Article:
These are the same lawmakers who, through their inaction and political shrugs, effectively sanction the state’s poor rankings in education funding, education results, middle-class job creation, poverty and college affordability.
In short, the Statehouse is hardly a bastion of progressive, modern thinking.
We say that out of frustration over the state’s frustrating annual attempt to remove the sales tax from groceries. It’s worth repeating: Only two Southern states, Alabama and Mississippi, the twins who often sit at or near the bottom of countless metrics, tax food. Other Southern states see the wisdom in making it easier for those in or near poverty to put food on the table. They must look at us and say, “Are Alabama politicians that callous?”
It certainly looks that way.
This year’s attempt is a two-pronged approach. Each aim for the same goal — removing the state 4 percent sales tax from groceries. We wholeheartedly support that basic premise.
But the two plans are different. The bill introduced by Sen. Gerald Dial, R-Lineville, would remove the grocery tax but replace the lost revenue by raising the state sales tax on other items. The bill introduced by Rep. John Knight, D-Montgomery, would replace the lost revenue by removing Alabama’s state income tax deduction for federal income taxes paid.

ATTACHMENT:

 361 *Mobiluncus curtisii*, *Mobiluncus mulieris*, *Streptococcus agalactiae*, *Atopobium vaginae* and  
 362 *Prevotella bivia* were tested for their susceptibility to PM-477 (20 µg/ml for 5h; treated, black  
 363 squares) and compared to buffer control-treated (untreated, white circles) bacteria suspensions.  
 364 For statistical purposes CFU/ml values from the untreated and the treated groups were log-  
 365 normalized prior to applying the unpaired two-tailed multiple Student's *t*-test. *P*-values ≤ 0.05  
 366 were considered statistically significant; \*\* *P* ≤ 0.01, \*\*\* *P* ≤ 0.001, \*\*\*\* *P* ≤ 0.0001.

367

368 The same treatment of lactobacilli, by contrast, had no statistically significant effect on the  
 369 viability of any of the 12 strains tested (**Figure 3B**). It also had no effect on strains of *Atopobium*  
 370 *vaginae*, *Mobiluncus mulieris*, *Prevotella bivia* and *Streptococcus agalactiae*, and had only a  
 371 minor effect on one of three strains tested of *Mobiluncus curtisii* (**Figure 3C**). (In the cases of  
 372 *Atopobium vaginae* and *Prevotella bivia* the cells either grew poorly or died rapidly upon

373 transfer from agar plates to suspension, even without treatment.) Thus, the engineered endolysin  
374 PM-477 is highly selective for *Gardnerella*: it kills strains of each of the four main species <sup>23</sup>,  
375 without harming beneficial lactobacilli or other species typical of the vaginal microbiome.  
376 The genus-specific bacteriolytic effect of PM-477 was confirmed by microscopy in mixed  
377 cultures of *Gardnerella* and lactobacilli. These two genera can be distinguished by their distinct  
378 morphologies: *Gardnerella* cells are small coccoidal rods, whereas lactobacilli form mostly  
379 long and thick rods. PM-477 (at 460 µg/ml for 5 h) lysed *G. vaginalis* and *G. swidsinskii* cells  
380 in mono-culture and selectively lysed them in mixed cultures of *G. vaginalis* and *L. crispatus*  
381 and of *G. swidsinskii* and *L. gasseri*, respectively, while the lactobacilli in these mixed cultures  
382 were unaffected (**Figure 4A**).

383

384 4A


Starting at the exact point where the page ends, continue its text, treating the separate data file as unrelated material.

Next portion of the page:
Knight’s strategy is the better of the two. Low-income Alabamians would pay less for food. Well-to-do Alabamians would have to chip in a little more during tax season. It’s the fair way to proceed.
But Alabama is Alabama — that is, the state Legislature can’t get out of its own way. The path is obvious. Knight’s plan is the equitable and moral choice. But even Dial, in comments to the Associated Press, admits that raising taxes, regardless of who gets a heftier tax bill, is a no-go in Montgomery. “This is just not going to happen in this Legislature,” he said.
That leaves Alabama in its usual place — selecting between two choices, one bad, the other not as good as it could be. Concerns raised by Alabama Arise, which advocates for low-income residents, that raising the state sales tax on all other purchases would be a blow to those who live check-to-check are spot-on. That’s why the Legislature should approve Knight’s plan.
Our expectations, however, are low. The Legislature has considered removing the sales tax from food for more than two decades, and the needle hasn’t moved. Poor Alabamians have to wonder if anyone in Montgomery truly understands their plight.